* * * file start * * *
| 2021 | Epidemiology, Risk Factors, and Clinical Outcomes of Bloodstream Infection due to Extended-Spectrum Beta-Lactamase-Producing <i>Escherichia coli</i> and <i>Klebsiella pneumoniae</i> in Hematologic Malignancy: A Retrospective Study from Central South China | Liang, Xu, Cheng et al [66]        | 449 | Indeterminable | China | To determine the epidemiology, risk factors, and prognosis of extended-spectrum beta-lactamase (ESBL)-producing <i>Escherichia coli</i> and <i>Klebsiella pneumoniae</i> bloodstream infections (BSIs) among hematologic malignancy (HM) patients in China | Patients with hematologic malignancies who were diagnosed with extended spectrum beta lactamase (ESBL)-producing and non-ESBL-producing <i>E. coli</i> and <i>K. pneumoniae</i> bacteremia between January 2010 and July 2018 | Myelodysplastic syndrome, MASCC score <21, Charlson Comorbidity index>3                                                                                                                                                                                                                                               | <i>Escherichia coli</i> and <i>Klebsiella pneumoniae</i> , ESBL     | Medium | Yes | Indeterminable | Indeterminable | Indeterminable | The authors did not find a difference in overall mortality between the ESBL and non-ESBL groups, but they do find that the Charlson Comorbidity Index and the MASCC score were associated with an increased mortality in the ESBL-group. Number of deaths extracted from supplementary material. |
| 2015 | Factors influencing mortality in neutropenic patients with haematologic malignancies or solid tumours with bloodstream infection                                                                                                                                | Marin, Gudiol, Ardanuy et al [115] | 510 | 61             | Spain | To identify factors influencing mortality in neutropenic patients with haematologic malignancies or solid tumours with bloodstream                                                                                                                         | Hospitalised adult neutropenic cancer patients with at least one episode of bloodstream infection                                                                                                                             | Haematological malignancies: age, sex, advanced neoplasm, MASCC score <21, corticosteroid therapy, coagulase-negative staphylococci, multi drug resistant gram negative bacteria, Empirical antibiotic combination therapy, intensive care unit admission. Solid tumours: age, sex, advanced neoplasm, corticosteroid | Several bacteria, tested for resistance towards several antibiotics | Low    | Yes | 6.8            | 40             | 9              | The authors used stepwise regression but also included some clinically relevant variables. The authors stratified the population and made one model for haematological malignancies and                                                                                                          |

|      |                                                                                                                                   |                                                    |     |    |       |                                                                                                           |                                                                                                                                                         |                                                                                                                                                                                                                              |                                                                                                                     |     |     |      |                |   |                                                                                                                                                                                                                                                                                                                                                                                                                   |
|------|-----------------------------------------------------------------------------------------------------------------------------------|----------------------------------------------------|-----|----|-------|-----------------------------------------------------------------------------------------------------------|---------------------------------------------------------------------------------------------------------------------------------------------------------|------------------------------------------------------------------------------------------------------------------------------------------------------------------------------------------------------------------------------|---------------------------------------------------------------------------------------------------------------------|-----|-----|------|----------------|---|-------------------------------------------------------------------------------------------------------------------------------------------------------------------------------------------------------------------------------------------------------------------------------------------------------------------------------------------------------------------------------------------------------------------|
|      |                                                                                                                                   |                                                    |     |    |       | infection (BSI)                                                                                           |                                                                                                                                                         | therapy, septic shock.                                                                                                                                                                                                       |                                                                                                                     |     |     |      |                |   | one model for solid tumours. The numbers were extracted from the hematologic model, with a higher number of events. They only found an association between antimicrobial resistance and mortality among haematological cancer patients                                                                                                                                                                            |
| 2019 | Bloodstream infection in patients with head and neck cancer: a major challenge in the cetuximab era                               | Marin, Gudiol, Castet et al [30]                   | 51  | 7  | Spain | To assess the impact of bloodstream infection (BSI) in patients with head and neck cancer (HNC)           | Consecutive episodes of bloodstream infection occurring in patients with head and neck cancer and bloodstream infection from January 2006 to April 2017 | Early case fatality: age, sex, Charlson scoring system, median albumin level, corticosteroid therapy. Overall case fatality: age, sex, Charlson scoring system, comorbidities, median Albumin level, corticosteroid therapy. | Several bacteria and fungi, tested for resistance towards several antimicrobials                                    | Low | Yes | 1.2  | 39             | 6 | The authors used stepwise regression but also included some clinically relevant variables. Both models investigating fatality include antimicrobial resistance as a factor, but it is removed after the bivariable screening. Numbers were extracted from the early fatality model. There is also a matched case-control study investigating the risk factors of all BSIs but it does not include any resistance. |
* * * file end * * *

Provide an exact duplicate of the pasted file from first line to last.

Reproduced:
| 2021 | Epidemiology, Risk Factors, and Clinical Outcomes of Bloodstream Infection due to Extended-Spectrum Beta-Lactamase-Producing <i>Escherichia coli</i> and <i>Klebsiella pneumoniae</i> in Hematologic Malignancy: A Retrospective Study from Central South China | Liang, Xu, Cheng et al [66]        | 449 | Indeterminable | China | To determine the epidemiology, risk factors, and prognosis of extended-spectrum beta-lactamase (ESBL)-producing <i>Escherichia coli</i> and <i>Klebsiella pneumoniae</i> bloodstream infections (BSIs) among hematologic malignancy (HM) patients in China | Patients with hematologic malignancies who were diagnosed with extended spectrum beta lactamase (ESBL)-producing and non-ESBL-producing <i>E. coli</i> and <i>K. pneumoniae</i> bacteremia between January 2010 and July 2018 | Myelodysplastic syndrome, MASCC score <21, Charlson Comorbidity index>3                                                                                                                                                                                                                                               | <i>Escherichia coli</i> and <i>Klebsiella pneumoniae</i> , ESBL     | Medium | Yes | Indeterminable | Indeterminable | Indeterminable | The authors did not find a difference in overall mortality between the ESBL and non-ESBL groups, but they do find that the Charlson Comorbidity Index and the MASCC score were associated with an increased mortality in the ESBL-group. Number of deaths extracted from supplementary material. |
| 2015 | Factors influencing mortality in neutropenic patients with haematologic malignancies or solid tumours with bloodstream infection                                                                                                                                | Marin, Gudiol, Ardanuy et al [115] | 510 | 61             | Spain | To identify factors influencing mortality in neutropenic patients with haematologic malignancies or solid tumours with bloodstream                                                                                                                         | Hospitalised adult neutropenic cancer patients with at least one episode of bloodstream infection                                                                                                                             | Haematological malignancies: age, sex, advanced neoplasm, MASCC score <21, corticosteroid therapy, coagulase-negative staphylococci, multi drug resistant gram negative bacteria, Empirical antibiotic combination therapy, intensive care unit admission. Solid tumours: age, sex, advanced neoplasm, corticosteroid | Several bacteria, tested for resistance towards several antibiotics | Low    | Yes | 6.8            | 40             | 9              | The authors used stepwise regression but also included some clinically relevant variables. The authors stratified the population and made one model for haematological malignancies and                                                                                                          |

|      |                                                                                                                                   |                                                    |     |    |       |                                                                                                           |                                                                                                                                                         |                                                                                                                                                                                                                              |                                                                                                                     |     |     |      |                |   |                                                                                                                                                                                                                                                                                                                                                                                                                   |
|------|-----------------------------------------------------------------------------------------------------------------------------------|----------------------------------------------------|-----|----|-------|-----------------------------------------------------------------------------------------------------------|---------------------------------------------------------------------------------------------------------------------------------------------------------|------------------------------------------------------------------------------------------------------------------------------------------------------------------------------------------------------------------------------|---------------------------------------------------------------------------------------------------------------------|-----|-----|------|----------------|---|-------------------------------------------------------------------------------------------------------------------------------------------------------------------------------------------------------------------------------------------------------------------------------------------------------------------------------------------------------------------------------------------------------------------|
|      |                                                                                                                                   |                                                    |     |    |       | infection (BSI)                                                                                           |                                                                                                                                                         | therapy, septic shock.                                                                                                                                                                                                       |                                                                                                                     |     |     |      |                |   | one model for solid tumours. The numbers were extracted from the hematologic model, with a higher number of events. They only found an association between antimicrobial resistance and mortality among haematological cancer patients                                                                                                                                                                            |
| 2019 | Bloodstream infection in patients with head and neck cancer: a major challenge in the cetuximab era                               | Marin, Gudiol, Castet et al [30]                   | 51  | 7  | Spain | To assess the impact of bloodstream infection (BSI) in patients with head and neck cancer (HNC)           | Consecutive episodes of bloodstream infection occurring in patients with head and neck cancer and bloodstream infection from January 2006 to April 2017 | Early case fatality: age, sex, Charlson scoring system, median albumin level, corticosteroid therapy. Overall case fatality: age, sex, Charlson scoring system, comorbidities, median Albumin level, corticosteroid therapy. | Several bacteria and fungi, tested for resistance towards several antimicrobials                                    | Low | Yes | 1.2  | 39             | 6 | The authors used stepwise regression but also included some clinically relevant variables. Both models investigating fatality include antimicrobial resistance as a factor, but it is removed after the bivariable screening. Numbers were extracted from the early fatality model. There is also a matched case-control study investigating the risk factors of all BSIs but it does not include any resistance. |